4 the restriction on temporary residence of HIV-infected foreign nationals had been imposed by the legislature for the protection of constitutional values, the principal one being the right to State protection of public health ( 3.3). 26. Referring to the UN Declaration of Commitment on HIV/AIDS of 27 June 2001, the resolutions of the UN Commission on Human Rights and other international instruments prohibiting HIV-related discrimination, as well as this Court s case-law on expulsion of foreign nationals in general and HIV-infected foreigners in particular, the Constitutional Court emphasised the principle of proportionality of the measures adopted in pursuance of constitutional aims and noted: It follows that, confronted with a conflict between equally protected constitutional values, the law-enforcement authorities and courts may take into account, on the basis of humanitarian considerations, the factual circumstances of a specific case in determining whether a HIV-positive individual is eligible for temporary residence in the Russian Federation. Thus, the provisions of section 11 2 of the HIV Prevention Act and section 7 13 of the Foreign Nationals Act do not exclude the possibility that the law-enforcement authorities and courts may on the basis of humanitarian considerations take into account the family situation, the state of health of the HIV-infected foreign national or stateless person, and other exceptional but meritorious circumstances in determining whether the person should be deported from the Russian Federation and whether he or she should be admitted for temporary residence in the Russian territory. In any event, the individual concerned should comply with the obligation to respect the legally imposed preventive measures aimed at curtailing the spread of HIV-infection. ( 4.2) E. Criminal Code 27. Article 122 provides for criminal liability for knowingly infecting another person with HIV or for knowingly exposing someone to the risk of HIV infection. These acts are punishable by deprivation of liberty of up to one year in duration. III. RELEVANT INTERNATIONAL MATERIAL 28. On 27 June 2001 the United Nationals General Assembly adopted a Declaration of Commitment on HIV/AIDS (Resolution S-26/2) which provided, in particular: 1. We, heads of State and Government and representatives of States and Governments, assembled at the United Nations... to review and address the problem of HIV/AIDS in all its aspects, as well as to secure a global commitment to enhancing coordination and intensification of national, regional and international efforts to combat it in a comprehensive manner Noting further that stigma, silence, discrimination and denial, as well as a lack of confidentiality, undermine prevention, care and treatment efforts and increase the impact of the epidemic on individuals, families, communities and nations and must also be addressed Recognizing that the full realization of human rights and fundamental freedoms for all is an essential element in a global response to the HIV/AIDS pandemic, including in the areas of prevention, care, support and treatment, and that it reduces vulnerability to HIV/AIDS and prevents stigma and related discrimination against people living with or at risk of HIV/AIDS Affirming the key role played by the family in prevention, care, support and treatment of persons affected and infected by HIV/AIDS, bearing in mind that in different cultural, social and political systems various forms of the family exist... HIV/AIDS and human rights 58. By 2003, enact, strengthen or enforce, as appropriate, legislation, regulations and other measures to eliminate all forms of discrimination against and to ensure the full enjoyment of all human rights and fundamental freedoms by people living with HIV/AIDS and members of vulnerable groups, in particular to ensure their access to, inter alia, education, inheritance, employment, health care, social and health services, prevention, support and treatment, information and legal protection, while respecting their privacy and confidentiality; and develop strategies to combat stigma and social exclusion connected with the epidemic The United Nations Commission on Human Rights first spoke out against HIV/AIDS-related cmiskp.echr.coe.int/tkp197/view.asp? 4/17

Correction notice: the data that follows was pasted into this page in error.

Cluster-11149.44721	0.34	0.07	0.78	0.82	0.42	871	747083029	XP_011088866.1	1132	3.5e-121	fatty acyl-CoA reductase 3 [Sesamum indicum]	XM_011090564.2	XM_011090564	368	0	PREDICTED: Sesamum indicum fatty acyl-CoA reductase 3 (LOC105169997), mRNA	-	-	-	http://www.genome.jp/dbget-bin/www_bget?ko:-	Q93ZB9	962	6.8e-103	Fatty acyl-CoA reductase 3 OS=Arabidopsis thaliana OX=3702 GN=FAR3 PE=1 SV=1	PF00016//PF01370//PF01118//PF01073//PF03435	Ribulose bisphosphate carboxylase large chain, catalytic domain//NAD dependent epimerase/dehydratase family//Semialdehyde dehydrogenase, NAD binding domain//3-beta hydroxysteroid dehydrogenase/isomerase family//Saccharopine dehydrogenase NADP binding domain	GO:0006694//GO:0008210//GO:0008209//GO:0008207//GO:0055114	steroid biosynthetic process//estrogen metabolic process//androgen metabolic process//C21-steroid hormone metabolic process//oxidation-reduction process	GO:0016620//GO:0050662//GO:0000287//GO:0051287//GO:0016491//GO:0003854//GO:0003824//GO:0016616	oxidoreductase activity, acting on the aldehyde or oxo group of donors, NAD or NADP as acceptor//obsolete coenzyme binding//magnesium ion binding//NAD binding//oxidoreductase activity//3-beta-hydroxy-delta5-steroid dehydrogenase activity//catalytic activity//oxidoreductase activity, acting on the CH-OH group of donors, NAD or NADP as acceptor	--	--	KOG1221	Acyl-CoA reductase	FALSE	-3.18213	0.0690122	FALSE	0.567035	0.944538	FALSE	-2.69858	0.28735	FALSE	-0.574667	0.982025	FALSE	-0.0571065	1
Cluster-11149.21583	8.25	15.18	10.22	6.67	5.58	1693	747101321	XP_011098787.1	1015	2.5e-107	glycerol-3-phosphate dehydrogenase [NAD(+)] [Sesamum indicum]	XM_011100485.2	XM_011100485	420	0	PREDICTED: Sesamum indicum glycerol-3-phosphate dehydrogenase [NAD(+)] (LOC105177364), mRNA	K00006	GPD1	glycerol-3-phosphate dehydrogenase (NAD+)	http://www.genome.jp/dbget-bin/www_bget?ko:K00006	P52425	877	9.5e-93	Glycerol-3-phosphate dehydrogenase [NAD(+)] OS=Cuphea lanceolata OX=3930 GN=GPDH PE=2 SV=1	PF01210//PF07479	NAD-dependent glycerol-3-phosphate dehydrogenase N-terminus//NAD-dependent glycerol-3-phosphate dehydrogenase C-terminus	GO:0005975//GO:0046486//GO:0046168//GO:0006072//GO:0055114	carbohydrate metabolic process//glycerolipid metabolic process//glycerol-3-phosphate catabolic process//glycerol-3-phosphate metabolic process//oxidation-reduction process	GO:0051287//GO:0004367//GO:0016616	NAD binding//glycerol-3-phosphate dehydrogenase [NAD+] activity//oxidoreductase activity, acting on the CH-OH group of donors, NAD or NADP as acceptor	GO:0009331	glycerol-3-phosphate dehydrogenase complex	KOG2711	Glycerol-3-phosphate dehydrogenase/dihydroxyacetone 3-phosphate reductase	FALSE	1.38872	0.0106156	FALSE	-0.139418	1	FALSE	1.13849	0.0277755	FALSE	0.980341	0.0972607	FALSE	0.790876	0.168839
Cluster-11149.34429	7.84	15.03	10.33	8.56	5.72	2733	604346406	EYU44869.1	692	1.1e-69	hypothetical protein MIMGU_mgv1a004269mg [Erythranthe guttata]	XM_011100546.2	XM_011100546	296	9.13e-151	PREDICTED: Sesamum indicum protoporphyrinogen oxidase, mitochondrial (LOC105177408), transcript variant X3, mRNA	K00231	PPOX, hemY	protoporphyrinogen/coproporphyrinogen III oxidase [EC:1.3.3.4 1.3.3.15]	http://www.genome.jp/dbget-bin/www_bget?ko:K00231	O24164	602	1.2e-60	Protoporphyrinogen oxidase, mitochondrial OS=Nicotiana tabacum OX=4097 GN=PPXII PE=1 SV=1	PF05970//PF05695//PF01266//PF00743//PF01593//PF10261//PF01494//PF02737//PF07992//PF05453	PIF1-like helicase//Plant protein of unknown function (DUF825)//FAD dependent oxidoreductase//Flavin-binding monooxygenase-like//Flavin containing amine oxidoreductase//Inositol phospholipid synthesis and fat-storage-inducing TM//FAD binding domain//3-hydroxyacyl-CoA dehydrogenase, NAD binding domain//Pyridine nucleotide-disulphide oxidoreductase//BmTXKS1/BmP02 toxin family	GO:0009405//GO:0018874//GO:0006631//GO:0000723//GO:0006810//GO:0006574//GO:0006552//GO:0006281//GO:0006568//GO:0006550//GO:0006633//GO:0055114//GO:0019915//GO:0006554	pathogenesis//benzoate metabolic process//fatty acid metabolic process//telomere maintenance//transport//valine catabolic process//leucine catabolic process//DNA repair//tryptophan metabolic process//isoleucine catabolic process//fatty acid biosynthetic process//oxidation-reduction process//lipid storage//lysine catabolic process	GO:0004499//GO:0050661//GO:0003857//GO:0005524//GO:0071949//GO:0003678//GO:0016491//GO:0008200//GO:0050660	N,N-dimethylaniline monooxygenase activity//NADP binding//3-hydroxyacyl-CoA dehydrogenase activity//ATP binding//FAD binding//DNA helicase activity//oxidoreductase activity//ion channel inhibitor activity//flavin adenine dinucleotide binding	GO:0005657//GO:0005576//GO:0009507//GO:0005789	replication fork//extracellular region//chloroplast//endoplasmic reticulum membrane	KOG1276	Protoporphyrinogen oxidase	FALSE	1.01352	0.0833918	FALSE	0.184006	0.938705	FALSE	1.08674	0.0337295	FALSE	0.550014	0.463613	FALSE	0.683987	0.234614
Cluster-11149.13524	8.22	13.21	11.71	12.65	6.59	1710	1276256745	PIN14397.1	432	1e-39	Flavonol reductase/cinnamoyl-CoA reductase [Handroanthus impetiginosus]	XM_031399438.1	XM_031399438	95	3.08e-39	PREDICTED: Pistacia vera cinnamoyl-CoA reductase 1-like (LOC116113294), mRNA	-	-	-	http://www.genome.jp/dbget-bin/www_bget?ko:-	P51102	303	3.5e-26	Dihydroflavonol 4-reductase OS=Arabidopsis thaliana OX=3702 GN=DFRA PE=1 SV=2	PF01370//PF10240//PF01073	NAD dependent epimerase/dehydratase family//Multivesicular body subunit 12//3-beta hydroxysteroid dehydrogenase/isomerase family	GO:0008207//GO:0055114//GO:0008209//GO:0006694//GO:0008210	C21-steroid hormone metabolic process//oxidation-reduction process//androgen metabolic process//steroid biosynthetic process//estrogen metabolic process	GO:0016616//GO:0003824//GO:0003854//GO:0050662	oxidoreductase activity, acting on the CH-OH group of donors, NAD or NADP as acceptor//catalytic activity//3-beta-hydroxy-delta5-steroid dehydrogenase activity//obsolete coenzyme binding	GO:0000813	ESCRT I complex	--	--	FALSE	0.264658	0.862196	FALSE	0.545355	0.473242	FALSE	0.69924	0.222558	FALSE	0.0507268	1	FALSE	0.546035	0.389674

5 discrimination and stigma in its Resolution no. 1995/44 ( The protection of human rights in the context of HIV and AIDS ), which was adopted at its 53rd meeting on 3 March 1995 and read in particular: 1. Confirms that discrimination on the basis of AIDS or HIV status, actual or presumed, is prohibited by existing international human rights standards, and that the term or other status in non-discrimination provisions in international human rights texts can be interpreted to cover health status, including HIV/AIDS; 2. Calls upon all States to ensure, where necessary, that their laws, policies and practices, including those introduced in the context of HIV/AIDS, respect human rights standards, including the right to privacy and integrity of people living with HIV/AIDS, prohibit HIV/AIDS-related discrimination and do not have the effect of inhibiting programmes for the prevention of HIV/AIDS and for the care of persons infected with HIV/AIDS... The UNCHR upheld its stance against discrimination in the context of HIV/AIDS in its subsequent Resolution no. 2005/84, adopted at its 61st meeting on 21 April Article 2 2 of the International Covenant on Economic, Social and Cultural Rights guarantees that the rights recognised therein will be exercised without discrimination of any kind as to race, colour, sex, language, religion, political or other opinion, national or social origin, property, birth or other status. In its General Comment on non-discrimination (no. 20, 2009), the Committee on Economic, Social and Cultural Rights has expressly included health status and specifically HIV status, among other status grounds referred to in Article 2 2: 33. Health status refers to a person s physical or mental health. States parties should ensure that a person s actual or perceived health status is not a barrier to realizing the rights under the Covenant. The protection of public health is often cited by States as a basis for restricting human rights in the context of a person s health status. However, many such restrictions are discriminatory, for example, when HIV status is used as the basis for differential treatment with regard to access to education, employment, health care, travel, social security, housing and asylum. 31. The Parliamentary Assembly of the Council of Europe has touched upon the subject of HIV/AIDS in a number of documents. Recommendation 1116 (1989) on AIDS and human rights emphasised the following points: 3. Noting that, although the Council of Europe has been concerned with prevention ever since 1983, the ethical aspects have been touched upon only cursorily; 4. Considering nevertheless that it is essential to ensure that human rights and fundamental freedoms are not jeopardised on account of the fear aroused by AIDS; 5. Concerned in particular at the discrimination to which some AIDS victims and even seropositive persons are being subjected Recommends that the Committee of Ministers: A. instruct the Steering Committee for Human Rights to give priority to reinforcing the non-discrimination clause in Article 14 of the European Convention on Human Rights, either by adding health to the prohibited grounds of discrimination or by drawing up a general clause on equality of treatment before the law... D. invite the member states of the Council of Europe: not to refuse the right of asylum on the sole ground that the asylum-seeker is contaminated by the HIV virus or suffers from AIDS... Resolution 1536 (2007) reaffirmed PACE s commitment to combat all forms of discrimination against people living with HIV/AIDS: While emphasising that the HIV/Aids pandemic is an emergency at the medical, social and economic level, the Assembly calls upon parliaments and governments of the Council of Europe to: 9.1. ensure that their laws, policies and practices respect human rights in the context of HIV/Aids, in particular the right to education, work, privacy, protection and access to prevention, treatment, care and support; 9.2. protect people living with HIV/Aids from all forms of discrimination in both the public and private sectors The United Nations Convention on the Rights of Persons with Disabilities, which entered into force on 3 May 2008 and which Russia signed but not ratified, provides in particular: cmiskp.echr.coe.int/tkp197/view.asp? 5/17